ASPEN, Colo. – ISIS in Iraq and Syria has been “dismantled,” with tens of thousands of its jihadist fighters dead, but a promising lead on its leader “went dead” after a media leak, according to a key U.S. military official.
“We have absolutely dismantled his network,” Gen. Tony Thomas, speaking of Abu Bakr al Baghdadi, said at the Aspen Security Forum. “I mean everyone who worked for him initially is dead or gone. Everybody who stepped to the plate the next time [is] dead or gone. Down through a network where we have killed, in a conservative estimate, 60,000 to 70,000 of his followers, his army.”
In a wide-ranging interview moderated by Fox News' Catherine Herridge, Thomas, who leads the Special Operations Command, said his team was “particularly close” to Baghdadi after the 2015 raid that killed ISIS oil minister Abu Sayyaf. That raid also netted his wife, who provided a wealth of actionable information.
" ... we have killed, in a conservative estimate, 60,000 to 70,000 of his followers, his army.”
“That was a very good lead. Unfortunately, it was leaked in a prominent national newspaper about a week later and that lead went dead,” Thomas said. “The challenge we have [is] in terms of where and how our tactics and procedures are discussed openly. There's a great need to inform the American public about what we're up to. There's also great need to recognize things that will absolutely undercut our ability to do our job.”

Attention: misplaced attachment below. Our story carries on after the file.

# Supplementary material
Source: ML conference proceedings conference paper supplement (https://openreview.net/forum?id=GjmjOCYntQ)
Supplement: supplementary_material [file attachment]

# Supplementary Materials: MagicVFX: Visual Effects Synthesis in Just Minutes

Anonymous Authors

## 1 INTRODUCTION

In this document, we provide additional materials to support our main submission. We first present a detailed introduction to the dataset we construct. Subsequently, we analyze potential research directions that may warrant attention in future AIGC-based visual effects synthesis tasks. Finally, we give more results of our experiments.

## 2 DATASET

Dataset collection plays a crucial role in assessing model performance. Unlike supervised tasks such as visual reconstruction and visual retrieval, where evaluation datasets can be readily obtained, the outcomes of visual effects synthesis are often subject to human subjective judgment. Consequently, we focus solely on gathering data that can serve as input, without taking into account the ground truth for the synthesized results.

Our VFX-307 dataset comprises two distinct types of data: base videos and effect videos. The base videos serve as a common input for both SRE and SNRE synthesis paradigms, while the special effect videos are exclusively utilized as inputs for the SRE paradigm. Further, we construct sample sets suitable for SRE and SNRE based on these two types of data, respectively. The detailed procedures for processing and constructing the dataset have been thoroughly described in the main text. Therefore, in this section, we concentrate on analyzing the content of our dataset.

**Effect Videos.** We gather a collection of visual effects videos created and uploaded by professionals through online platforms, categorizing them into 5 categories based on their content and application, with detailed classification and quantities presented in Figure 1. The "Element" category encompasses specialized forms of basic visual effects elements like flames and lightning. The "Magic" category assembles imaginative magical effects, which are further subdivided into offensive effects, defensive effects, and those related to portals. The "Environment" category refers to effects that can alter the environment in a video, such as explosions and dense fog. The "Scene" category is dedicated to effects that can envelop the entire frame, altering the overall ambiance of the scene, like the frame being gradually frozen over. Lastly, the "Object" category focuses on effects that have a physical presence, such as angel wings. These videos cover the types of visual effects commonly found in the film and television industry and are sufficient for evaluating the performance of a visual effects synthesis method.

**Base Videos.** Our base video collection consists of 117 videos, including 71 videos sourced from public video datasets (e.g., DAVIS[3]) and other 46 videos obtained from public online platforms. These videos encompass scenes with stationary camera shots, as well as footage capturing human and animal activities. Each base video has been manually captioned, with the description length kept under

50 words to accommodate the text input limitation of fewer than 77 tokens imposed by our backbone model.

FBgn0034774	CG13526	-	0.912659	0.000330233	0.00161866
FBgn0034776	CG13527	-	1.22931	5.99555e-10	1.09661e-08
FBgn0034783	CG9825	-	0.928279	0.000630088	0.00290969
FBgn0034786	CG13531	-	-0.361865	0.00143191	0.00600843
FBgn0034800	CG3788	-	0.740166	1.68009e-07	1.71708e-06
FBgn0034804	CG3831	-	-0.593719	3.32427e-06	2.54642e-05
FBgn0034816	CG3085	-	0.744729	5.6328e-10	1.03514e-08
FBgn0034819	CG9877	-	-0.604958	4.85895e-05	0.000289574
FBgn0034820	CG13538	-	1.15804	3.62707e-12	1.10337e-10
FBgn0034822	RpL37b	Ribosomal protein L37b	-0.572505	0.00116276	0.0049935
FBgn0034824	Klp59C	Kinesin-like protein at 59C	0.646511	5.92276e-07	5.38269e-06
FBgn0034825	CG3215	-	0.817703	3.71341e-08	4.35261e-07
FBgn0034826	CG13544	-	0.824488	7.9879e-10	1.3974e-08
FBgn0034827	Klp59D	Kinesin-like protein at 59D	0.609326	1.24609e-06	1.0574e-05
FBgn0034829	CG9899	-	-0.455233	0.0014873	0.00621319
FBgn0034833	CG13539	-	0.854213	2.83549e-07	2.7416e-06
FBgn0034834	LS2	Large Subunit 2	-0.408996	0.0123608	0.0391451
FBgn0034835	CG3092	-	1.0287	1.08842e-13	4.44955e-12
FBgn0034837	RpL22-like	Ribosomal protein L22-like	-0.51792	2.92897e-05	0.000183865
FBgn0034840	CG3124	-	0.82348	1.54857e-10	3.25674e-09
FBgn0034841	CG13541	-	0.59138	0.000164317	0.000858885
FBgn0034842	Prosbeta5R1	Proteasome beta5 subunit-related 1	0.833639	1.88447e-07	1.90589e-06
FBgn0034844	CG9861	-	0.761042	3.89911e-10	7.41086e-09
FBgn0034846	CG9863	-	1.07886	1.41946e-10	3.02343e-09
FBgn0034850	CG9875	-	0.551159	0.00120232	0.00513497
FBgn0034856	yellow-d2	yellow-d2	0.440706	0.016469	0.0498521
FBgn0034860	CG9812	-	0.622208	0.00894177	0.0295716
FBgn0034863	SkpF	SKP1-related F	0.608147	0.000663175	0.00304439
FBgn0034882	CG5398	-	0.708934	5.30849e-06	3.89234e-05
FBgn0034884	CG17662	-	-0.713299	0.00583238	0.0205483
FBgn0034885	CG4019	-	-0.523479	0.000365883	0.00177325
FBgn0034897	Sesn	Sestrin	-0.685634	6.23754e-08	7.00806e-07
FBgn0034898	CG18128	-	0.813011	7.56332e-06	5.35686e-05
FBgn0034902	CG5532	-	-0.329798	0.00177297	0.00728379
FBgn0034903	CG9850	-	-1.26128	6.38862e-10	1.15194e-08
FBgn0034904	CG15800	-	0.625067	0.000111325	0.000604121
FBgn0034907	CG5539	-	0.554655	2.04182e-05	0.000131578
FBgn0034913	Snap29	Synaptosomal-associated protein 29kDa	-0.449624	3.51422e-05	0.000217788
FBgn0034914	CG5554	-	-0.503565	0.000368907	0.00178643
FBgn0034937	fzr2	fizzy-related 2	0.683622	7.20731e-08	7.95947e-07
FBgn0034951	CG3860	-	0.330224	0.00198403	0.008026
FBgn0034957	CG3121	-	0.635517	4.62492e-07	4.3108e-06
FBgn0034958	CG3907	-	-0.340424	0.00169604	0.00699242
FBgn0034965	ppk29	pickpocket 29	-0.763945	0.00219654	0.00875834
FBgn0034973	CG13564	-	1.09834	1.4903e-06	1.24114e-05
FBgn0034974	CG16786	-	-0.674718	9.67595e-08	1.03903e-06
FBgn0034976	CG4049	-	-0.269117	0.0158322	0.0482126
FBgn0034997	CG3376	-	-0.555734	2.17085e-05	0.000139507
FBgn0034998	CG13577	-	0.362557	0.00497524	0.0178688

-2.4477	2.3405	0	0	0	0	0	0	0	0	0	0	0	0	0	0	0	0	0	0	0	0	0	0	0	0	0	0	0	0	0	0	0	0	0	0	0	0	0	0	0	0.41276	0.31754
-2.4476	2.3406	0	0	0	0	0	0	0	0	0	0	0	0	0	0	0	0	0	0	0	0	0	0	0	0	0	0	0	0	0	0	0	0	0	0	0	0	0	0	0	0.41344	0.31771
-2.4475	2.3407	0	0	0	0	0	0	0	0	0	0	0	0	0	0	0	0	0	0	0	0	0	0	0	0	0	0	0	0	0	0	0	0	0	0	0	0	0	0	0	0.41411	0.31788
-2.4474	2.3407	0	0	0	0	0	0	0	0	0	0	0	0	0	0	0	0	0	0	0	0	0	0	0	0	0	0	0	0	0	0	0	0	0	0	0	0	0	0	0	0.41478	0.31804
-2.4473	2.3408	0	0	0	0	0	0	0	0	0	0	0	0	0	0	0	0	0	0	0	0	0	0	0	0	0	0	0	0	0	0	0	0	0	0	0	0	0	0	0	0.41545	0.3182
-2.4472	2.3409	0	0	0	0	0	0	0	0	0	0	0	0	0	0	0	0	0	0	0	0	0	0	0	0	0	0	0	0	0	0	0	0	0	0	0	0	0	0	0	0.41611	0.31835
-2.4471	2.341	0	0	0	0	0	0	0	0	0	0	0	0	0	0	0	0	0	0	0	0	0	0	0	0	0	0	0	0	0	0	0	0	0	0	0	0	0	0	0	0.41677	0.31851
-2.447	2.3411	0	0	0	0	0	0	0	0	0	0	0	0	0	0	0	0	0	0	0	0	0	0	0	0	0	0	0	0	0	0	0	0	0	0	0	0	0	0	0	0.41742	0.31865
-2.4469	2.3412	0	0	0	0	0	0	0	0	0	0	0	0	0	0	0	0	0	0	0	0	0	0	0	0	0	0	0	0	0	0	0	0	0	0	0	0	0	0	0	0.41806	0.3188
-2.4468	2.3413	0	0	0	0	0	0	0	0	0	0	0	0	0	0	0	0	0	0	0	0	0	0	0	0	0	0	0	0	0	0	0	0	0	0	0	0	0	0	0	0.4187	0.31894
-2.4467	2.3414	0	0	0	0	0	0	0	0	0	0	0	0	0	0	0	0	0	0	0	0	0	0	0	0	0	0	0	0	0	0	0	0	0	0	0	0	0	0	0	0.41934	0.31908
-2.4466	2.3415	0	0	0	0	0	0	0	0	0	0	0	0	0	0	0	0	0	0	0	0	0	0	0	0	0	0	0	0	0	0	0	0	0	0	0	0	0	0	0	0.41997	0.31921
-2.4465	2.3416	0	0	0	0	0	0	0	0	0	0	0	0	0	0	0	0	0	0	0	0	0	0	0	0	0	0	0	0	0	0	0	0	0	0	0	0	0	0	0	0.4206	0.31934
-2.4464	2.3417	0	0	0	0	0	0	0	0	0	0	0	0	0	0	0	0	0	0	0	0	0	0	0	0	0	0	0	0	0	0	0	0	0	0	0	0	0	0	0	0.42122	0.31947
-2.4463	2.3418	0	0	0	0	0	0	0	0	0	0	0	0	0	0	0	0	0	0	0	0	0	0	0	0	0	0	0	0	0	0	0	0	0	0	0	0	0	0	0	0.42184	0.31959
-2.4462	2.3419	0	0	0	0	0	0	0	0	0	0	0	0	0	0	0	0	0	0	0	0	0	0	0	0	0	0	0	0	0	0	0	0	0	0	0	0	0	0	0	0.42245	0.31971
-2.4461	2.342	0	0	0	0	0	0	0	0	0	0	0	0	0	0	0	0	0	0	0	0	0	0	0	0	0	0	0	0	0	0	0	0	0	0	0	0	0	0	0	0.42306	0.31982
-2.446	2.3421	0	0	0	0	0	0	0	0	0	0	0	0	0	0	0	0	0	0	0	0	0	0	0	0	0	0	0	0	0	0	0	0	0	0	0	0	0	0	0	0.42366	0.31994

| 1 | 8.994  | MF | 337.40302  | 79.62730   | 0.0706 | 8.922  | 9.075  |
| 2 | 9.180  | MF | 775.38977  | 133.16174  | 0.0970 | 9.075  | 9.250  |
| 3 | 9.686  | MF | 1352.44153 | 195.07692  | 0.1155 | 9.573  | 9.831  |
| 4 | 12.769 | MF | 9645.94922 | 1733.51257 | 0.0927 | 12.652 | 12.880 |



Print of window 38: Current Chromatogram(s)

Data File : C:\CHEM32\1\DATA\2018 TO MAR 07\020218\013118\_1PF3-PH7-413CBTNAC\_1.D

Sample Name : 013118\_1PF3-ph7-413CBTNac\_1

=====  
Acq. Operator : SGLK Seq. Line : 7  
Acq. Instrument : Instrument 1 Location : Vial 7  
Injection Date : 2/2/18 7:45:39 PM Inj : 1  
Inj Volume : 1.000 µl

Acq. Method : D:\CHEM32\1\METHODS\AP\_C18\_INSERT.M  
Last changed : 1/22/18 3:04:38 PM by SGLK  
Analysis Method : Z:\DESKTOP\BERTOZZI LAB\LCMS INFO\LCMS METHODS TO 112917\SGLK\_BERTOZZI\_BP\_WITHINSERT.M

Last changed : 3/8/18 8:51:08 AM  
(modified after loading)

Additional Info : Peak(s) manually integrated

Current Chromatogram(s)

Thomas appeared to be referring to a New York Times report in June 2015 that detailed how American intelligence agencies had “extracted valuable information.”
”New insights yielded by the seized trove – four to seven terabytes of data, according to one official – include how the organization’s shadowy leader Abu Bakr al-Baghdadi, operates and tries to avoid being tracked by coalition forces," the Times reported.
Thomas also provided new details about the military campaign in Libya. Fox News reported in 2015 that a half-dozen senior ISIS operatives travelled to North Africa to establish an ISIS satellite.
“They seized on Libya as a failed state…. They declared it a province. Our estimates were that, at the high-water mark, they had anywhere from 1,500 to 2,000 folks primarily located in a seaside town named Sirte. They don’t exist anymore.”
Commenting on media reports that the CIA ended a covert program to arm anti-Assad rebels in Syria, Thomas said the story, first carried in the Washington Post, was wrong to suggest the purported move was to appease Moscow.
Thomas said the direction from his boss, Defense Secretary James Mattis, was very clear.
“It was 'defeat ISIS,'" he said. "It’s now 'annihilate ISIS.' I think he put a non-doctrinal term out there to amp up the volume a little bit. We all got the message.”
Despite recent victories, Thomas said the strategic picture remained complex, given activity of Syria, Iraq, Russia and Turkey in limited space. For U.S. pilots providing cover for ground operations, it can be "Top-Gun-nish," Thomas said.